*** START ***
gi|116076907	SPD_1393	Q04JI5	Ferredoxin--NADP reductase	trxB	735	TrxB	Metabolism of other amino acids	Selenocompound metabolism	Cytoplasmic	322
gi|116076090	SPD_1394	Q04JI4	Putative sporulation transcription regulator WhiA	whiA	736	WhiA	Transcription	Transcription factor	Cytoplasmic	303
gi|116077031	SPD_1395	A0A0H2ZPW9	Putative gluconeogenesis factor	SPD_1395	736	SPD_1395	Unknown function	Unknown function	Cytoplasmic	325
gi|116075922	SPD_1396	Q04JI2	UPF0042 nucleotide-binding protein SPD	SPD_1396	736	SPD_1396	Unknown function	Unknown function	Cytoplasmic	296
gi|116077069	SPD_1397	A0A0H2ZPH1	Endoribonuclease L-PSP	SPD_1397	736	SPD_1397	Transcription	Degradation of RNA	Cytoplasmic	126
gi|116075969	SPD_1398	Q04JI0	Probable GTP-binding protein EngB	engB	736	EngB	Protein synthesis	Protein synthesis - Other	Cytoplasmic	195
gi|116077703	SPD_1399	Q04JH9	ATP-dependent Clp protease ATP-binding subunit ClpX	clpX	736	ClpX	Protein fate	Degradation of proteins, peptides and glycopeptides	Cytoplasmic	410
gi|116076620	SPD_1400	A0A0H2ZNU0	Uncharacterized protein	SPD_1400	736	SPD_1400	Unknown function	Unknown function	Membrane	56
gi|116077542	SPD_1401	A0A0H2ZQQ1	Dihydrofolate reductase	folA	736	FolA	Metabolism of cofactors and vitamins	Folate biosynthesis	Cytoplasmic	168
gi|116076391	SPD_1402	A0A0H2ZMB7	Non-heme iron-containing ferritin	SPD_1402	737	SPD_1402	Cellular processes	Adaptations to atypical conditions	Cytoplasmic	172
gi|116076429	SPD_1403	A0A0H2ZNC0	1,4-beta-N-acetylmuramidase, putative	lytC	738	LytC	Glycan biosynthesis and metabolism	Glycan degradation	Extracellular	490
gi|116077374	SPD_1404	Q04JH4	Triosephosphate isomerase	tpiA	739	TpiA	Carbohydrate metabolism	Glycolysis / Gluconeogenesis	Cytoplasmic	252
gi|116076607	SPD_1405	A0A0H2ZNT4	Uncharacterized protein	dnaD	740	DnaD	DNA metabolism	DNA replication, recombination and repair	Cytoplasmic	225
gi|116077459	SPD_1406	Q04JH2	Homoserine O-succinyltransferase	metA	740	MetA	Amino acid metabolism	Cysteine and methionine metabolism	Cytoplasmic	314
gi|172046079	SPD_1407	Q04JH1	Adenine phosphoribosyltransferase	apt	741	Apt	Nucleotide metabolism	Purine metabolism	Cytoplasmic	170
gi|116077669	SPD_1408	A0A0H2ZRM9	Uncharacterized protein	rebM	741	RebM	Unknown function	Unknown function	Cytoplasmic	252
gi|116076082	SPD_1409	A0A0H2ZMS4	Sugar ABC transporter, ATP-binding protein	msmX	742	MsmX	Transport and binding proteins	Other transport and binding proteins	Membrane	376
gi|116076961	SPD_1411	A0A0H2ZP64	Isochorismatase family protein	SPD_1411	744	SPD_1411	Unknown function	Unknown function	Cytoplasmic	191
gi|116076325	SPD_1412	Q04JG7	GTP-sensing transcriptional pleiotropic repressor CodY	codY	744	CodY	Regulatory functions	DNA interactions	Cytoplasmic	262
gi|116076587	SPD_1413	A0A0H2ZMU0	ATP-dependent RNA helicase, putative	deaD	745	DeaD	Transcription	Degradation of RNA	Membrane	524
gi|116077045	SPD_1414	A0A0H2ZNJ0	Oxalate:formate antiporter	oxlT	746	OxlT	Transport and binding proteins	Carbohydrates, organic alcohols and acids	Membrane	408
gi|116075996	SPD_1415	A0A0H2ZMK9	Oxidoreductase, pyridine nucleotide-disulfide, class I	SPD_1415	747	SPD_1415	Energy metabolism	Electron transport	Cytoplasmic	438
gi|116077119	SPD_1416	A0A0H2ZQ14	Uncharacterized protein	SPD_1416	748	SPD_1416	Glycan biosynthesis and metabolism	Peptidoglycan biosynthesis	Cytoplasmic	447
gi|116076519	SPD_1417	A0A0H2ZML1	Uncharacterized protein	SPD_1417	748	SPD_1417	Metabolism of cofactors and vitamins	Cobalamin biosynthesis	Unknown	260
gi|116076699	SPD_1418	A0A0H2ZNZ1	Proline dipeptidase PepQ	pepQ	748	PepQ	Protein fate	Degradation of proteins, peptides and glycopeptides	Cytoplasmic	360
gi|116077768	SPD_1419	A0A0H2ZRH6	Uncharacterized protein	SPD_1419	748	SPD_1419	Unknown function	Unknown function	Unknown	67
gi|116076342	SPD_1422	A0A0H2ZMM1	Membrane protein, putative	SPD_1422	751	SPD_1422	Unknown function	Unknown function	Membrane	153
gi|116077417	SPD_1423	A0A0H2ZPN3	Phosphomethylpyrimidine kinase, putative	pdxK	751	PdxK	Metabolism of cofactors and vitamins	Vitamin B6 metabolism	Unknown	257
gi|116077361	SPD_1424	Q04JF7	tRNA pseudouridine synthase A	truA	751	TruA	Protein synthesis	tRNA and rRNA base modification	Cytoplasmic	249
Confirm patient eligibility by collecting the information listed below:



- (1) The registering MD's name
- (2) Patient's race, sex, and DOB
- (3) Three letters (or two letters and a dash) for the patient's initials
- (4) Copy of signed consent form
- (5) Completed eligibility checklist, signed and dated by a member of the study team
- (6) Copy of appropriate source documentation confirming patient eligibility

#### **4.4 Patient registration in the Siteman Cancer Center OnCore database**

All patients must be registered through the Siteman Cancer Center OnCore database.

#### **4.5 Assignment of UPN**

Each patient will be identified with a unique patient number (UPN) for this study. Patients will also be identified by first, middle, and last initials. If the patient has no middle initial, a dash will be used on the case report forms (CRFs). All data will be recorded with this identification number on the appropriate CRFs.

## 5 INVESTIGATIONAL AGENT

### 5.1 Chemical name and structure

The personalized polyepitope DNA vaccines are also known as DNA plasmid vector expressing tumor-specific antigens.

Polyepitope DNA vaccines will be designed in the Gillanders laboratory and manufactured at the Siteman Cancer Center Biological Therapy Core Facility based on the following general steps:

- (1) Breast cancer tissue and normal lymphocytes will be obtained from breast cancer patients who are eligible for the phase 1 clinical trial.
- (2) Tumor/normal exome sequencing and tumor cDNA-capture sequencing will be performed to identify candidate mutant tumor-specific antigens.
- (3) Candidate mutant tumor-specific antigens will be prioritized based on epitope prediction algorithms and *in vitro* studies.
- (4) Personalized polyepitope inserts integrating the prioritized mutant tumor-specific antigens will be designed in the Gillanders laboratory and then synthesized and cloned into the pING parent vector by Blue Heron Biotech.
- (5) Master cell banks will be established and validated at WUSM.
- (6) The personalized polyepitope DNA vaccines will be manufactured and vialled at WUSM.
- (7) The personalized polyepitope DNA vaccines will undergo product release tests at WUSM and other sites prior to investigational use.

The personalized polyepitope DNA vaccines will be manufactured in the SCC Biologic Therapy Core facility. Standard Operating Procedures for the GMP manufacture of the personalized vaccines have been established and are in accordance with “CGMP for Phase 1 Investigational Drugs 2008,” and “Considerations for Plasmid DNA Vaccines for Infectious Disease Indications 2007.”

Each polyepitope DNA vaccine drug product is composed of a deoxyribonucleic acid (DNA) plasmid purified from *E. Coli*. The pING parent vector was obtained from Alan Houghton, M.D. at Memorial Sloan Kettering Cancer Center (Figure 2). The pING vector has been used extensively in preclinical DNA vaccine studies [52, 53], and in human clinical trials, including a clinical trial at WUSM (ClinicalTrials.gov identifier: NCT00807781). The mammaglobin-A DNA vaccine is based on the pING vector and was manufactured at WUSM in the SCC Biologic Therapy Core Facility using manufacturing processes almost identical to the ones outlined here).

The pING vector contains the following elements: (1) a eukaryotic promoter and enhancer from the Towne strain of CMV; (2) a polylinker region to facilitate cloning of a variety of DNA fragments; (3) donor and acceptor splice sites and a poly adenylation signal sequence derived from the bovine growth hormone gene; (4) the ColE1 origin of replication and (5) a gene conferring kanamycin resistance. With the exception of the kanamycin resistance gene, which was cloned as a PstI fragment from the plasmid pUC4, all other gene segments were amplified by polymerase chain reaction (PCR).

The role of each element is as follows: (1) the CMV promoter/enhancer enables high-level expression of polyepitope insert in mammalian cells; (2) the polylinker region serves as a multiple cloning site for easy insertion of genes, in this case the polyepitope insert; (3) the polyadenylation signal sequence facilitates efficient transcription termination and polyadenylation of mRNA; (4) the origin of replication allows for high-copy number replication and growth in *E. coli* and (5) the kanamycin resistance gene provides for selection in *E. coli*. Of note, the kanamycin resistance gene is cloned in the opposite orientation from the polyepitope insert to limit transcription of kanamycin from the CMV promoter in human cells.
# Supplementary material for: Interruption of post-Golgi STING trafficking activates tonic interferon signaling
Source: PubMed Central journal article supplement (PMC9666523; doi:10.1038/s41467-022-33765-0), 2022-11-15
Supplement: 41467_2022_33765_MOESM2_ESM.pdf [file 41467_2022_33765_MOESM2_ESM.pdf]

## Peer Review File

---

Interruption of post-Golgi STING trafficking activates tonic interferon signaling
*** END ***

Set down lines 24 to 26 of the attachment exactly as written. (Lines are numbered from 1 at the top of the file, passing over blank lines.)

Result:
gi|116076519	SPD_1417	A0A0H2ZML1	Uncharacterized protein	SPD_1417	748	SPD_1417	Metabolism of cofactors and vitamins	Cobalamin biosynthesis	Unknown	260
gi|116076699	SPD_1418	A0A0H2ZNZ1	Proline dipeptidase PepQ	pepQ	748	PepQ	Protein fate	Degradation of proteins, peptides and glycopeptides	Cytoplasmic	360
gi|116077768	SPD_1419	A0A0H2ZRH6	Uncharacterized protein	SPD_1419	748	SPD_1419	Unknown function	Unknown function	Unknown	67